I was thinking about, what if I place an empty window with this name, will malware detect it? I didn't wanted to hook into functions this time, but place an actual window. My other criteria was, that I want the window to be hidden, so it doesn't disturb people, but still can serve its purpose.

First let's see how malware detects / enumerates window titles. As described here: and many other places, it uses the "FindWindow" Windows API call to look for names. This is a quite simple function with two parameters:

  _In_opt_ LPCTSTR lpClassName,
  _In_opt_ LPCTSTR lpWindowName

As per MSDN it will search for the string specified in lpClassName, which is the registered class name for the Window, or if that is NULL, it will search based on the window title, which is the second parameter. Malware typically will search for the class name. If you wonder how frequently this being used, here is a little help, to find malware which uses this technique. Cuckoo sandbox recently added some malware behaviour signatures to its feature set, and one of them is looking for this exactly, it can be found here: It will add the description into the analysis page. uses Cuckoo sandbox to perform malware analysis, and it's searchable on Google, with that simple search for this on Google, and you will get a bunch of samples:
"Checks for the presence of known windows from debuggers and forensic tools"
For example:
Various malware will behave differently if it finds the window, it might exit, or will try to close the window, etc...

With this, let's create our window.

I still can't really do Win32 API programming, so I use the power of copy-paste. I found two very good articles about making your first, empty window in Windows: 
You can read through this, the only thing I want to highlight is that the window will not be visible by default, you either create it with the appropriate flag, or call ShowWindow, as specified in the example. What if we don't show it? Well, as you would expect, it's not seen, you don't see it on the tray, nowhere, the program runs, and you can find it in the task manager, but no window. What happens if we call FindWindow this way? Based on numerous tests I did, it will always find it, regardless if you search based on class name or title. This is great, because we can start a process, which is completely hidden to the average user, consumes about 500kB memory, and about 0% CPU resources, but a malware will find it. Cool! Now we can hope that it will actually exit if it finds it.
Next question, is: do we need multiple processes to create multiple windows with different names? Based on my tests: NO. You can create multiple windows with different names, and you can hide all of them, and the FindWindow function will find all of them.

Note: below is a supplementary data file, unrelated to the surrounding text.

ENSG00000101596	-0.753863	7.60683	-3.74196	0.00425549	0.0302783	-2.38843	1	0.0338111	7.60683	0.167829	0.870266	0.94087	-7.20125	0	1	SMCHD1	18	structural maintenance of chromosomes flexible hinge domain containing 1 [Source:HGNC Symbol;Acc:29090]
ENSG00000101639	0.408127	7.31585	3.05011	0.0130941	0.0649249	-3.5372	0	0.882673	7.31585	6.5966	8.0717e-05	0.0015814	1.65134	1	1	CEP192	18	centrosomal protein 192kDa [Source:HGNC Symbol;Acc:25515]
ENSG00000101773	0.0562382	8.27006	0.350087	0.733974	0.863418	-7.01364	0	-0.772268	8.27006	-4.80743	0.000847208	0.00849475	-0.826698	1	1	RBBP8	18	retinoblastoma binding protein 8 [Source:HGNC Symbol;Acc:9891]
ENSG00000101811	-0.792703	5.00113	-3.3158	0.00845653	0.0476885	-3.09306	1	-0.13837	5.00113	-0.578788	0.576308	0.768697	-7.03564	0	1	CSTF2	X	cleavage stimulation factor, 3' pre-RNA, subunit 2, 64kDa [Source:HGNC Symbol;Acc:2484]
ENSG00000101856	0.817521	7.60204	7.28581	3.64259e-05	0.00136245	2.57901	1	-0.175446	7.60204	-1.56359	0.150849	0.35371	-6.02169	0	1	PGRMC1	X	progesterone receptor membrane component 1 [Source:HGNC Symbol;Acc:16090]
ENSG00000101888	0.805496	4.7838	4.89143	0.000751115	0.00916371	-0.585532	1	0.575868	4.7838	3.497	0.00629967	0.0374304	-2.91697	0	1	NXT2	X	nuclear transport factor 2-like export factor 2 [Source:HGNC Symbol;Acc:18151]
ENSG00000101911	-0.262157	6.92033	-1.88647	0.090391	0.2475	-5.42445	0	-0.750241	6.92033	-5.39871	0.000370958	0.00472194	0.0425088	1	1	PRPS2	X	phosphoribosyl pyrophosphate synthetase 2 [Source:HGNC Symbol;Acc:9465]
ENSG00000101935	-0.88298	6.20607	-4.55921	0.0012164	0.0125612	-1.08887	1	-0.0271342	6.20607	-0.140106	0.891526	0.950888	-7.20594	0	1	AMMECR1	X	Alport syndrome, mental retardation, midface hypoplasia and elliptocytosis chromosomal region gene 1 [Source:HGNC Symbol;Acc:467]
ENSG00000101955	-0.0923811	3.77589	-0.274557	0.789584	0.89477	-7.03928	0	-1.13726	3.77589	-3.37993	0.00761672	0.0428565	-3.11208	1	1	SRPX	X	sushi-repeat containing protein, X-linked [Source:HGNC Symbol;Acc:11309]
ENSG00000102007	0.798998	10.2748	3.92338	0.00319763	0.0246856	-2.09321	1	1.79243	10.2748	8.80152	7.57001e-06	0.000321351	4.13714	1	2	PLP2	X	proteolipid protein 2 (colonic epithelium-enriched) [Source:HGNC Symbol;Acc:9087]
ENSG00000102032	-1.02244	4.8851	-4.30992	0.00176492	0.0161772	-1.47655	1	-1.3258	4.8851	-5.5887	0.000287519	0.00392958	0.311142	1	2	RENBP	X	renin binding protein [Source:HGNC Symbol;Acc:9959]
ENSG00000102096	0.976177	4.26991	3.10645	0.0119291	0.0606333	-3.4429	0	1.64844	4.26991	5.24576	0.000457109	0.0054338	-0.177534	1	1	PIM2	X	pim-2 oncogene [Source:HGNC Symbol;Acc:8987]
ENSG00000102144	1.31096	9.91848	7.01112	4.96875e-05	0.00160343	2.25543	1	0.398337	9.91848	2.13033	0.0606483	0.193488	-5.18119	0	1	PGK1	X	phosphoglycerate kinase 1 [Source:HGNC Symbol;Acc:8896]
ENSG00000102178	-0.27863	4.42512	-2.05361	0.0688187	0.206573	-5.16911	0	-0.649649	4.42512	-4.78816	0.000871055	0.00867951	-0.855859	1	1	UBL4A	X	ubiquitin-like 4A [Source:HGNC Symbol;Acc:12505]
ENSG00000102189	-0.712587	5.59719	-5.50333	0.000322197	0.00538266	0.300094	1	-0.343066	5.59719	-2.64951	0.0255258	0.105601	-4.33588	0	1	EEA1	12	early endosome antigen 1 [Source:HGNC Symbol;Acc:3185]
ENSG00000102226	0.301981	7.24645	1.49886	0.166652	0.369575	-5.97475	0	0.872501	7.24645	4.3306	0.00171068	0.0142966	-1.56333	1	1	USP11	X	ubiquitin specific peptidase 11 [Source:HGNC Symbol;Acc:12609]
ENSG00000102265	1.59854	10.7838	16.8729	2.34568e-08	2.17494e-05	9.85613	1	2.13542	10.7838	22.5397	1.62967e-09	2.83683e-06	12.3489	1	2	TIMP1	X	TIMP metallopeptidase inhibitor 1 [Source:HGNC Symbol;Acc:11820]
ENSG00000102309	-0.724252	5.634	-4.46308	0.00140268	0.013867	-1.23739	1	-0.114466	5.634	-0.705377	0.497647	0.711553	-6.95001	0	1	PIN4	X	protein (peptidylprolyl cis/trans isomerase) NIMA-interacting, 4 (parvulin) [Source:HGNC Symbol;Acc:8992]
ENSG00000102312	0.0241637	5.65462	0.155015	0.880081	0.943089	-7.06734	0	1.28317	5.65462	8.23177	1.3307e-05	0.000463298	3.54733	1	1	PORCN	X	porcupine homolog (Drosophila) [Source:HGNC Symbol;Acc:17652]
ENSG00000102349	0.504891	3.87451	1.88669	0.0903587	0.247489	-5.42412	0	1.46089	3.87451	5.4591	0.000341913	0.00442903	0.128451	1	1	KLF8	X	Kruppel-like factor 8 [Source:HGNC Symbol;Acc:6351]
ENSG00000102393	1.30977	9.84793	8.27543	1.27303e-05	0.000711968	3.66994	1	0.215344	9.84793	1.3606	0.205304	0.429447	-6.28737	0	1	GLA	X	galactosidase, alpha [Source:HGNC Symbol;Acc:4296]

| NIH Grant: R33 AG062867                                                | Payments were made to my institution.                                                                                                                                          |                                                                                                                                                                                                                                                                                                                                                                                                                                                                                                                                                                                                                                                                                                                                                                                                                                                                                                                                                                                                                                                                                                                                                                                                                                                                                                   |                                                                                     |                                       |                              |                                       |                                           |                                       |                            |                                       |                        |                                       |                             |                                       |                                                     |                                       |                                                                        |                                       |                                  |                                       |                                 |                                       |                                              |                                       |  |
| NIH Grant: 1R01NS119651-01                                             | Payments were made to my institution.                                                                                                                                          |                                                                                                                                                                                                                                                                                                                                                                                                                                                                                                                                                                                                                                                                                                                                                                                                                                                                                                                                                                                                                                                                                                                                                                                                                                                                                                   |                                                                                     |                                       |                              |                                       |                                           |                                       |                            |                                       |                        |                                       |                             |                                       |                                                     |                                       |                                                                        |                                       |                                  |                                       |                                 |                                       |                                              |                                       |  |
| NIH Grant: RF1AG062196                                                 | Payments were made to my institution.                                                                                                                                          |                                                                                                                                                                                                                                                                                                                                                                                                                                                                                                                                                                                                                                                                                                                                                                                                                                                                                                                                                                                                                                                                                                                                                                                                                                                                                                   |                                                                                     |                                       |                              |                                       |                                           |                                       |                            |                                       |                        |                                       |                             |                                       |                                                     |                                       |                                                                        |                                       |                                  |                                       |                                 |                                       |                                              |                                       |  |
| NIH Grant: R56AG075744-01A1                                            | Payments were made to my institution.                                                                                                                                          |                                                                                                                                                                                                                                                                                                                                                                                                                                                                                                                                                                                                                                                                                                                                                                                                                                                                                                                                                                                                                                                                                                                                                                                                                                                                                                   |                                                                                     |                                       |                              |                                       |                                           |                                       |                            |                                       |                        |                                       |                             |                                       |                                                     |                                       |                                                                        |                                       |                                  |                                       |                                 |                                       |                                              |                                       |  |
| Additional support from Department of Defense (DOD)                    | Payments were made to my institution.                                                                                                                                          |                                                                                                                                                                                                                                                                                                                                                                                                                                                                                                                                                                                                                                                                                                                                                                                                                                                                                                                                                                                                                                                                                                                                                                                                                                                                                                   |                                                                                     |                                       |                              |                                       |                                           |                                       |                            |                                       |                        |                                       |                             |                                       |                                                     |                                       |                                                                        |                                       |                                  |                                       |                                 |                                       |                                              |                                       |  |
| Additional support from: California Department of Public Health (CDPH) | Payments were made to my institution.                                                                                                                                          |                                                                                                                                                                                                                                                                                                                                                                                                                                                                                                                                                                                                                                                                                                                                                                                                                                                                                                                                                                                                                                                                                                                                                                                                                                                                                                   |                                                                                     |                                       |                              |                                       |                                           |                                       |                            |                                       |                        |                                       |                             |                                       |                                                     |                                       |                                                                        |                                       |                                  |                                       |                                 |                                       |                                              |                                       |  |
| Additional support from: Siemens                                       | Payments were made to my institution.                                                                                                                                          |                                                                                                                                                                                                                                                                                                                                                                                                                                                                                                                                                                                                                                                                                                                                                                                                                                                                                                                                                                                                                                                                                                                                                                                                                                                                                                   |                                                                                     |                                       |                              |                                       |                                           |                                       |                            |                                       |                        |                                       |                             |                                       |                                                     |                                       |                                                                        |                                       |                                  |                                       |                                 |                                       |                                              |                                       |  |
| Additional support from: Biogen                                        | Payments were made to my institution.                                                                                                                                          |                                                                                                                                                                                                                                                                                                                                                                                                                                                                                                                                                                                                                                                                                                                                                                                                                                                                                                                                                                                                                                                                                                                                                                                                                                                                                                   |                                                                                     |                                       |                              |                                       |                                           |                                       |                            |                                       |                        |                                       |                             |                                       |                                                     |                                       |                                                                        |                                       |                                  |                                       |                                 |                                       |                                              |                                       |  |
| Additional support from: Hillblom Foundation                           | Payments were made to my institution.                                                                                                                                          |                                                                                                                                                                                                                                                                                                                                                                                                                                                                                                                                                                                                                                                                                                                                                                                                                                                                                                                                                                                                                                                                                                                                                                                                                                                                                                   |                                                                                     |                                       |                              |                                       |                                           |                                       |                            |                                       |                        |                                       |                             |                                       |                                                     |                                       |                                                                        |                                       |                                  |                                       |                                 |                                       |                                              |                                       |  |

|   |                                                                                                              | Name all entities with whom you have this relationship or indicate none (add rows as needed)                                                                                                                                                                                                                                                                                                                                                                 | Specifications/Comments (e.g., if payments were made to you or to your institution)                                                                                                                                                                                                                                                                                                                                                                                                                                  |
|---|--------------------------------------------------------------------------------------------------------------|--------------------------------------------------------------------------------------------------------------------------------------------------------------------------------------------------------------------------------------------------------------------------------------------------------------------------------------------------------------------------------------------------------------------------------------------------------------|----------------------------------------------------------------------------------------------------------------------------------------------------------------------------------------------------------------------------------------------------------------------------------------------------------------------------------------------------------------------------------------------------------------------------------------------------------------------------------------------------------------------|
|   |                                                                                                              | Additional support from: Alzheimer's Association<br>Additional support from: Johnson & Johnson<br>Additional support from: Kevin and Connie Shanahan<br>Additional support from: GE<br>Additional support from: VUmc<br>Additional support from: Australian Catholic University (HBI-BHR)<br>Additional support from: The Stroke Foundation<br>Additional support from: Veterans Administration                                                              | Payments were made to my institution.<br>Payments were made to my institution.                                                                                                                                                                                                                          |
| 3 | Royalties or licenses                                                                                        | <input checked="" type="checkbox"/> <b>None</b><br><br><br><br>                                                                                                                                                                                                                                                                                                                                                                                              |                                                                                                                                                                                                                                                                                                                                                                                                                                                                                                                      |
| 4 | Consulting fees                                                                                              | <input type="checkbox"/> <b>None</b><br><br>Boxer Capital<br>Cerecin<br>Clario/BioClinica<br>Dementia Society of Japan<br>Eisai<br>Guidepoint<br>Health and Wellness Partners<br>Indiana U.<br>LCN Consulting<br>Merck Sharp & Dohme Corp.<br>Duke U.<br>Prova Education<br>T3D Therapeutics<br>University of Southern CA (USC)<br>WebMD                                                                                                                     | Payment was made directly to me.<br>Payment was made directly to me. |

I also tried, what happens if I start WinDBG, which will register the same class name, but apparently it doesn't matter. You can run both programs at the same time, you can close them, and it won't cause any conflicts.
There is another method to find windows with GetWindowText based on the title, described here:, and that also works, it will find the window as well.

If I was an AV developer, I would hook the FindWindow function, and check if a process is explicitly looking for these windows, and if yes, I would raise a flag, because it's definitely not normal. Not sure if anyone does it, but it would be a fairly easy thing to do.

I created a PoC code to create an OllyDBG and WinDBG window, and another one, which will use FindWindow to find them. Both of them are available from my Github page:

The related Visual Studio projects are:

  • FindWindow
  • FakeDebuggerWindows

Wednesday, June 8, 2016

About IOCs...

I usually stay away blogging about my opinion, but I so fed up with the IOC hype that I have to write it down. (My next topic might be threat intel, along the same lines).

First about sharing:
There is a huge number of possible IOC types, like IP, domain, registry modified, files created, etc... still what you can most commonly find in any malware analysis paper, or IOC feeds, or any generic sharing, are: IPs, domains, filenames, hashes. No more. Now there are multiple issues when it comes to sharing:
Why it can't be shared in a standard format, like STIX? Typically if you read a report, you will have this information at the end of the article as text, which might be OK as someone posting details doesn't necessarily have the option to upload files, but when it comes to big security vendors who often publish IOCs in a separate PDF(!!!!) there is no excuse. I really don't understand why it can't be in a CSV as a minimum, or more preferred in STIX XML format. Vendors should have the ability to generate these, and you could more easily feed it to some other tools, without making difficult copy-paste tricks from a PDF.
My second big headache is, why almost every big vendor shares only MD5 hashes of malware samples??? It's not just that MD5 is more and more subject to various collision attacks, but some logs you have, might only contain SHA-256 hashes of executables seen in an environment, so you have no chance at all to search that data. Why is it so much trouble for someone to calculate an additional SHA-1 and SHA-256 hashes besides and MD5 and sharing that? Why does it hurt anyone? As a backup you can hope that the sample gets uploaded to VirusTotal, and you can get the hashes from there, but that's an incredible big amount of additional, unnecessary work (even with a script) to get that information from another source - if you can at all.